2020 marked four years since Sigma Capital launched its first Simple Life PRS homes in Liverpool, and it has since grown vastly to over 2,700 homes across the country, and the Sigma platform has a further c.2,300 underway.
Earlier this year, Sigma Capital Group also produced a pioneering piece of industry research, ‘The Rental Experience: Setting the Standard’, which set out to find out more about the modern UK renter. Sigma Capital explores the report and the attitudes that it has revealed.
By Victoria Hurcomb, Head of Marketing, Sigma Capital
We really wanted to examine the rental market and delve deep into who renters are, what their thoughts and attitudes are toward renting and ultimately what they want to see from a landlord.
Historically, society is very focused on incentivising buying a home. For example, there are government schemes like Help To Buy and TV shows that cast a shadow over renting, focusing on rogue landlords, but you seldom hear about the positive stories of renting.
Sigma Capital Group’s recent findings in its market research report showed that that almost half of renters in the UK (46%) are quite happy renting, while 24% are very happy, 22% are not very happy and 9% are not at all happy.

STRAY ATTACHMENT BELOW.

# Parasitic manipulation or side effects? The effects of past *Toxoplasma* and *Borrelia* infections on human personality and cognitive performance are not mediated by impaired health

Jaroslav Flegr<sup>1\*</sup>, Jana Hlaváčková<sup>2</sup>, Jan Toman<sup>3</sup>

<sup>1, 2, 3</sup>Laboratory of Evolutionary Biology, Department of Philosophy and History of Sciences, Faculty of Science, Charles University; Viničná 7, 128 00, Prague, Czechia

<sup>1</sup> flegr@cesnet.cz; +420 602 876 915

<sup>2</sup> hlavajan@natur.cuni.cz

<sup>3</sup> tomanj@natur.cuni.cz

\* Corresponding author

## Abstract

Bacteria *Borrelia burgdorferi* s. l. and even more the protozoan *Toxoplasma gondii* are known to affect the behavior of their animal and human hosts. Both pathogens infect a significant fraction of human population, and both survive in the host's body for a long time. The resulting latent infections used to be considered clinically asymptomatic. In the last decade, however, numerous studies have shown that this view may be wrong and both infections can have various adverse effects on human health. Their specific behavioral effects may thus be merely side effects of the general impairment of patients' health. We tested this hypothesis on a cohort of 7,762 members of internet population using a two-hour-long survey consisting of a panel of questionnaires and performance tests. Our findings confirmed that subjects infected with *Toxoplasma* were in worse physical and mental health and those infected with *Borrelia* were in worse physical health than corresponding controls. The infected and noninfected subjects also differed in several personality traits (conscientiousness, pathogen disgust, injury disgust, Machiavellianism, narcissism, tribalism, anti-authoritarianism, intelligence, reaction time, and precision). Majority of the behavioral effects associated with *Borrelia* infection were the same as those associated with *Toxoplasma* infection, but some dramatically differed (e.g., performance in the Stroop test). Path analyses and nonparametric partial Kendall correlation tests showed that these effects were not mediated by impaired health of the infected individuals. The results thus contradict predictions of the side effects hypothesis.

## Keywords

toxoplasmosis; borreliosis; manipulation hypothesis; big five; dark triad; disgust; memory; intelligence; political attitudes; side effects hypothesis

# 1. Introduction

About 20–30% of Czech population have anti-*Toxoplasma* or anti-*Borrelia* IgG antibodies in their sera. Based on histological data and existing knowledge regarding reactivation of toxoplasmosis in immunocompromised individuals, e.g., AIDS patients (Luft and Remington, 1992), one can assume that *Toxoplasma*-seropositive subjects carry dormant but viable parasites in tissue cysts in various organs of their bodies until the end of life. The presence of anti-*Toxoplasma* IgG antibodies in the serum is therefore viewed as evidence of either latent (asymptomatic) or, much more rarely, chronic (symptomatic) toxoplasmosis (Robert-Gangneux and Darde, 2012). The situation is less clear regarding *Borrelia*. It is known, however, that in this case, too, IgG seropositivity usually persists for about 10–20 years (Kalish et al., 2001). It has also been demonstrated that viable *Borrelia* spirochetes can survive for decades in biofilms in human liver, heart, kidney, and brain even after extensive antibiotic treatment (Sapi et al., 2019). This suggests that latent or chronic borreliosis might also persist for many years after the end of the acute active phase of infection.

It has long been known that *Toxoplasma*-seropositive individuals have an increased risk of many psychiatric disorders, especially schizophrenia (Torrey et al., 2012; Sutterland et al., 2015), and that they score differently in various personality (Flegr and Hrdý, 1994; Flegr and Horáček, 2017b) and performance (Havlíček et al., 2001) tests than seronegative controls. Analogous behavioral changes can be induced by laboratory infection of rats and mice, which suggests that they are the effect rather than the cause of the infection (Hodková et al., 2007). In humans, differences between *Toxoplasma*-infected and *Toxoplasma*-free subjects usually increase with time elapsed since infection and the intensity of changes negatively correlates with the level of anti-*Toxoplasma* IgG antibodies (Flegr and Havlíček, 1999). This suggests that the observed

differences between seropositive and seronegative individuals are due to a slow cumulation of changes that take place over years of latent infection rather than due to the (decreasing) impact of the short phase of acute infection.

These findings may suggest that societal factors and pressures can be what drives the desire to buy a property. The report also found that many older renters thought that they were in the minority, when in fact, those aged 35-44 make up the largest group of renters at 25%, and the average age of a renter being 45.
It became quite apparent that many people, particularly 35+ who rent a house, would prefer to keep this detail secret from friends and neighbours, not because they are not happy renting, but because they are too concerned with what society thinks. In doing so, it unfortunately feeds some of the common myths around rental happiness, the perception of landlords and also the assumed age of today’s renter.
We actually found that the appetite for long term tenancies was high, with 54% having been renting for six years or more, with the average private renter having been renting for seven years.
The report also revealed the many perceived benefits of renting, such as the freedom, flexibility, a greater choice of living environment or simply allowing renters to live in a better area or larger property than would not be achievable if they were looking to buy.
We have worked very hard over the years to create homes and communities where families can see themselves for many years. We have started to have a real affinity with our residents, and they are increasingly engaged with everything we stand for. For example, during lockdown we’ve seen a surge in our tenants creating Instagram accounts showing how they are dressing their homes, illustrating that although they are renting, they very much see the properties as their own long-term homes.